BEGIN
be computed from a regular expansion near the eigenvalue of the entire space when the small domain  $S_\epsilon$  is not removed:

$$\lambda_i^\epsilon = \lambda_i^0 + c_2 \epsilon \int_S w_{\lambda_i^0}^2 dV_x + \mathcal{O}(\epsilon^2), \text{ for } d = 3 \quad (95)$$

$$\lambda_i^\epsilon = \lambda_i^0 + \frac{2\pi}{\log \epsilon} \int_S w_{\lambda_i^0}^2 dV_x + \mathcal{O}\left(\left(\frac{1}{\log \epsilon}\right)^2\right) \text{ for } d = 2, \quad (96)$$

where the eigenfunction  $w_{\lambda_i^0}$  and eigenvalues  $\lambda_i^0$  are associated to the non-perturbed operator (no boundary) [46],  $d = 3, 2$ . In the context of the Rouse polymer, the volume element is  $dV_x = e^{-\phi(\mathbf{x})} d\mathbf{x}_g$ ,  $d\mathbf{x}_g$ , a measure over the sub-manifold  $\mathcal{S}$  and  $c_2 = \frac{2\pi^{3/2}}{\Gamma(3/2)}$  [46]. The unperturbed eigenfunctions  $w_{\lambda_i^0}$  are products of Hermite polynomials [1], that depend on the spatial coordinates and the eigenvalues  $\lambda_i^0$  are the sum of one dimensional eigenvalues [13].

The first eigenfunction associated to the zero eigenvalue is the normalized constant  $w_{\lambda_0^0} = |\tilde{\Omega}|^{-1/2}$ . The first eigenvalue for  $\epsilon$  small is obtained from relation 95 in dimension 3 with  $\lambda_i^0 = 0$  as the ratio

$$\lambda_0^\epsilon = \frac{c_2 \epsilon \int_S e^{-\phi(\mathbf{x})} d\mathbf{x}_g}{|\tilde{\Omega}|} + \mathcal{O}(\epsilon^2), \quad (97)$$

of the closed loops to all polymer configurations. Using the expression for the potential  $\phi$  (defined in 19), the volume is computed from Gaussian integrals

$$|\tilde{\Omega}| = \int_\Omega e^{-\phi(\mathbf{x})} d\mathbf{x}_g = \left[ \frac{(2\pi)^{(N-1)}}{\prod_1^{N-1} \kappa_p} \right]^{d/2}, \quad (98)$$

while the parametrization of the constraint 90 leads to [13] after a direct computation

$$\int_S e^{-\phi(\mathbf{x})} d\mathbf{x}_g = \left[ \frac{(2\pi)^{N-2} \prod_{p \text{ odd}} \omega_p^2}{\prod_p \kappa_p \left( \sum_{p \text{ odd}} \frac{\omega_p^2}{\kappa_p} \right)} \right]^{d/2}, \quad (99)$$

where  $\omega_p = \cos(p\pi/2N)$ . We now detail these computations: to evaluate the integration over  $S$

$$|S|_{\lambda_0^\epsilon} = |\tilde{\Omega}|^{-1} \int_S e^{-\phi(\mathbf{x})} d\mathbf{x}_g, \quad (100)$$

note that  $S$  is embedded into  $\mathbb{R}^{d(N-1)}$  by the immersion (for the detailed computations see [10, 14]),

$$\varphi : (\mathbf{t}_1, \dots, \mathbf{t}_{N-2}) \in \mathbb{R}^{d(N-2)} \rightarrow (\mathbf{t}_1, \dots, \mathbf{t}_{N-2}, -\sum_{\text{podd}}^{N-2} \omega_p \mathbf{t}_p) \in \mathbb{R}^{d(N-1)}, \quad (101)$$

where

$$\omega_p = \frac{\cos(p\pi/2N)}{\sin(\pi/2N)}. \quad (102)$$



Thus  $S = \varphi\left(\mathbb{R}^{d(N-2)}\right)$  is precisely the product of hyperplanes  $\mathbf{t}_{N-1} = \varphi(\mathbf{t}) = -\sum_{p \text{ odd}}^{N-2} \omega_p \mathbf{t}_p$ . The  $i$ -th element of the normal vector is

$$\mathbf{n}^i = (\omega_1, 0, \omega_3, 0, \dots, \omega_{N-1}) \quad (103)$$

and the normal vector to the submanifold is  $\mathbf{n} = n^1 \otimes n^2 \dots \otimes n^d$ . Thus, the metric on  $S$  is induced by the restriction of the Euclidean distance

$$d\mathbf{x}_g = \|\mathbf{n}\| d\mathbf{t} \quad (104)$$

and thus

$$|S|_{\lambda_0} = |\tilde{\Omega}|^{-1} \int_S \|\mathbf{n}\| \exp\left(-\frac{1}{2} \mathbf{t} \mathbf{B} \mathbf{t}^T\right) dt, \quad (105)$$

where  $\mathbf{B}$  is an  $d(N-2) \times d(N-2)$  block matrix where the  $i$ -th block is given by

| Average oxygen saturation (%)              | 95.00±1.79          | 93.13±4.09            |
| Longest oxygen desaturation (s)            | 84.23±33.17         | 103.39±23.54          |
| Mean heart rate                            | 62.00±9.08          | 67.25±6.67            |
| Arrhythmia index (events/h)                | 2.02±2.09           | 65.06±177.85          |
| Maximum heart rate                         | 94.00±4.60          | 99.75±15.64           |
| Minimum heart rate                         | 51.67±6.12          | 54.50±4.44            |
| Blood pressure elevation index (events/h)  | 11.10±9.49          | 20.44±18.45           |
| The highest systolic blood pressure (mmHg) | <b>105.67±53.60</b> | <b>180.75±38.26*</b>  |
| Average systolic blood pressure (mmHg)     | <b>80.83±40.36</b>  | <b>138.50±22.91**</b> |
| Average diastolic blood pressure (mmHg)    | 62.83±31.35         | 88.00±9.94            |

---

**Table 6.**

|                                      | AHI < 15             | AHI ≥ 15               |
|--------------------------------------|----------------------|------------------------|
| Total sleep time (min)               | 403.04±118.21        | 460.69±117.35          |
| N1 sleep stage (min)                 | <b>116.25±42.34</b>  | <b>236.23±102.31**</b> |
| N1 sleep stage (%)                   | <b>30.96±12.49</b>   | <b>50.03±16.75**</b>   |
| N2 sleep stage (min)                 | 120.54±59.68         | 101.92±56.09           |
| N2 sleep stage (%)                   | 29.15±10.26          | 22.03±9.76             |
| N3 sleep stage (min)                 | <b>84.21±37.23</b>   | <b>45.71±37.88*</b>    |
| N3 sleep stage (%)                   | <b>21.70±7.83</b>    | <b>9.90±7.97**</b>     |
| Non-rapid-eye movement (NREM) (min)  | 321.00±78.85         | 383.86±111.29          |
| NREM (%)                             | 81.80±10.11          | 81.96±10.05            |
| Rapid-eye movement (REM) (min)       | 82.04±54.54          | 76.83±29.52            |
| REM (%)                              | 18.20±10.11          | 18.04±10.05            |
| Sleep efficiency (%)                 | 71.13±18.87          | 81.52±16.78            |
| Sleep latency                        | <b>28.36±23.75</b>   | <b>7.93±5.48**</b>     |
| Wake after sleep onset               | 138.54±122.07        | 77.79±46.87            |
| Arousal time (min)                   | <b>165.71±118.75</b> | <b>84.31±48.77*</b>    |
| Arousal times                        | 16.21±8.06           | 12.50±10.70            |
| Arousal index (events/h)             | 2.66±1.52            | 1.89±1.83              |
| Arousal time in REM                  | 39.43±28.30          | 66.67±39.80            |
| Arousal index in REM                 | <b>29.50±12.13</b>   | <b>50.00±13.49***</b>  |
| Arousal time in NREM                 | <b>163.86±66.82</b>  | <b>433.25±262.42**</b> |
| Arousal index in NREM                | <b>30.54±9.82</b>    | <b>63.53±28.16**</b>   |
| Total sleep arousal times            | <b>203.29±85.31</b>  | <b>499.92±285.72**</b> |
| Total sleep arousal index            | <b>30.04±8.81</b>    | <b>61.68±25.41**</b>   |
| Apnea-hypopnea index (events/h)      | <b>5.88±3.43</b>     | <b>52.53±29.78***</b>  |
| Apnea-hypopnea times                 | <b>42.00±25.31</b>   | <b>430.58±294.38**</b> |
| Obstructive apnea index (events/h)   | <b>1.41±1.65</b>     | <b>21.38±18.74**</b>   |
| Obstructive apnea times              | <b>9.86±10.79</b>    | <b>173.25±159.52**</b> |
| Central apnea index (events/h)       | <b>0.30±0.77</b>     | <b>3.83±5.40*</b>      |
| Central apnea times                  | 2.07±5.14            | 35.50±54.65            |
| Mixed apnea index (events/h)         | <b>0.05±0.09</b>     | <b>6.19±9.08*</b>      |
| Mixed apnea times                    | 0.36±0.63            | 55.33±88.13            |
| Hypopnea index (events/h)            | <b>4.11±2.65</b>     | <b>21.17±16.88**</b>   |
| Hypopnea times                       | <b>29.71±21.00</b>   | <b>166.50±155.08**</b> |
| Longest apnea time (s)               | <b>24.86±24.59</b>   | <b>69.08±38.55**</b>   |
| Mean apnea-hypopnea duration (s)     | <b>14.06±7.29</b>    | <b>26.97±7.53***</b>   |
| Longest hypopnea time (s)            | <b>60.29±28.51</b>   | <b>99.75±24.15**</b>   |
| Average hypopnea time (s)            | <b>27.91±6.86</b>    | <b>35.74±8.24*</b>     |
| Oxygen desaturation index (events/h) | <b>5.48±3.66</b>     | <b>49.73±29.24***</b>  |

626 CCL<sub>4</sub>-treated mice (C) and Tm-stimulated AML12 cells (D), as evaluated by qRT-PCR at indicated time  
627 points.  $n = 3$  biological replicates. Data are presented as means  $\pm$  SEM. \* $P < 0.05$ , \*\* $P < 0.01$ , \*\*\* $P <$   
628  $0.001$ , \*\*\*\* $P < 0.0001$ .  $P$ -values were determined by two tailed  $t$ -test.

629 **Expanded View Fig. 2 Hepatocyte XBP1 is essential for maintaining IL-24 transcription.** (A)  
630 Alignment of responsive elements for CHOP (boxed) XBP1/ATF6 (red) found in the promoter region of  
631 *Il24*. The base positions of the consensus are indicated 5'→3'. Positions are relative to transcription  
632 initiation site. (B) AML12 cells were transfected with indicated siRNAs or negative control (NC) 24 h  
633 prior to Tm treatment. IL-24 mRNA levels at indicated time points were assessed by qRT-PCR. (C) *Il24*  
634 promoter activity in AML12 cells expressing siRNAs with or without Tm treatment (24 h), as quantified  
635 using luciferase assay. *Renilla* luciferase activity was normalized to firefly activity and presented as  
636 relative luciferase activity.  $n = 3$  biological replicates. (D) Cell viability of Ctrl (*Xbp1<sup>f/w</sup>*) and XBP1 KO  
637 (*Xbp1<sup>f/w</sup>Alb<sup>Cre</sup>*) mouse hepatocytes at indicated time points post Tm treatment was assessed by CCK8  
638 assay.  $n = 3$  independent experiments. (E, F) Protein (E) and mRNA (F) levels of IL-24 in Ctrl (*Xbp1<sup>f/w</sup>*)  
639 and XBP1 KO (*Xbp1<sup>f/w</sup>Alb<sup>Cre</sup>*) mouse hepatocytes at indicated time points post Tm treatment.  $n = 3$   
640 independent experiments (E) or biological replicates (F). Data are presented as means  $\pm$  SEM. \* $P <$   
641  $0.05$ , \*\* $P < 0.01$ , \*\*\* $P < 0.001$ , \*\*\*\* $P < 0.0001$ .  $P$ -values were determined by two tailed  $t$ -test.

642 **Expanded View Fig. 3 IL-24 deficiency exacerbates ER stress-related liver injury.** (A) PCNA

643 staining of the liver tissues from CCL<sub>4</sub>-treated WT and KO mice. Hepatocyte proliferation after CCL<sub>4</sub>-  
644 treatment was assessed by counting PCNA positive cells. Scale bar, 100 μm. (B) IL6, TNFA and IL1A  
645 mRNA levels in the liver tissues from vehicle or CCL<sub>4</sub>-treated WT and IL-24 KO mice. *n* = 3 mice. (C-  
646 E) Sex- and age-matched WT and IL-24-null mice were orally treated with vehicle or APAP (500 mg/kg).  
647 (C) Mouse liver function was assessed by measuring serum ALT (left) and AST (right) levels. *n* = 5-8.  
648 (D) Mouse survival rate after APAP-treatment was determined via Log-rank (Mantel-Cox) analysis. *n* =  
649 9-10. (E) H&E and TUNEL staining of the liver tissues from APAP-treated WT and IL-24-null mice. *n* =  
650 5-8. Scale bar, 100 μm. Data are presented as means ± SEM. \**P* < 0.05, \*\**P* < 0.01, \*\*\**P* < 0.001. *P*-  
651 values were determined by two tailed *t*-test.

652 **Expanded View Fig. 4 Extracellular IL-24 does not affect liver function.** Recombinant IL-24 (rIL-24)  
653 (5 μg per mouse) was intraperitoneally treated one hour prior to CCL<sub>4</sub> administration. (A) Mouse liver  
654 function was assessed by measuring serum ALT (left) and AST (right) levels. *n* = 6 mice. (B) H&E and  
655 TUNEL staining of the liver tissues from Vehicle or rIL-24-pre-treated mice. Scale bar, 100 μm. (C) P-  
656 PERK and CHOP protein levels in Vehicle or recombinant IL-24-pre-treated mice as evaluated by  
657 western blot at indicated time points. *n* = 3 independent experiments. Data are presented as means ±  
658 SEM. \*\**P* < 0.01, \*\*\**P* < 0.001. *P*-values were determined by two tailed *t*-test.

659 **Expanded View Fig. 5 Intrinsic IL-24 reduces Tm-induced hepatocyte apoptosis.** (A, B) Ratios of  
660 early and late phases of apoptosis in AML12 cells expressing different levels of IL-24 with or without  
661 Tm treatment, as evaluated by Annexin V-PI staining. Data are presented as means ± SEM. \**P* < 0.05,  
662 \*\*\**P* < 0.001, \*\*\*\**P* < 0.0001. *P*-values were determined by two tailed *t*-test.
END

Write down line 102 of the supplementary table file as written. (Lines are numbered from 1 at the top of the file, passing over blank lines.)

652 **Expanded View Fig. 4 Extracellular IL-24 does not affect liver function.** Recombinant IL-24 (rIL-24)  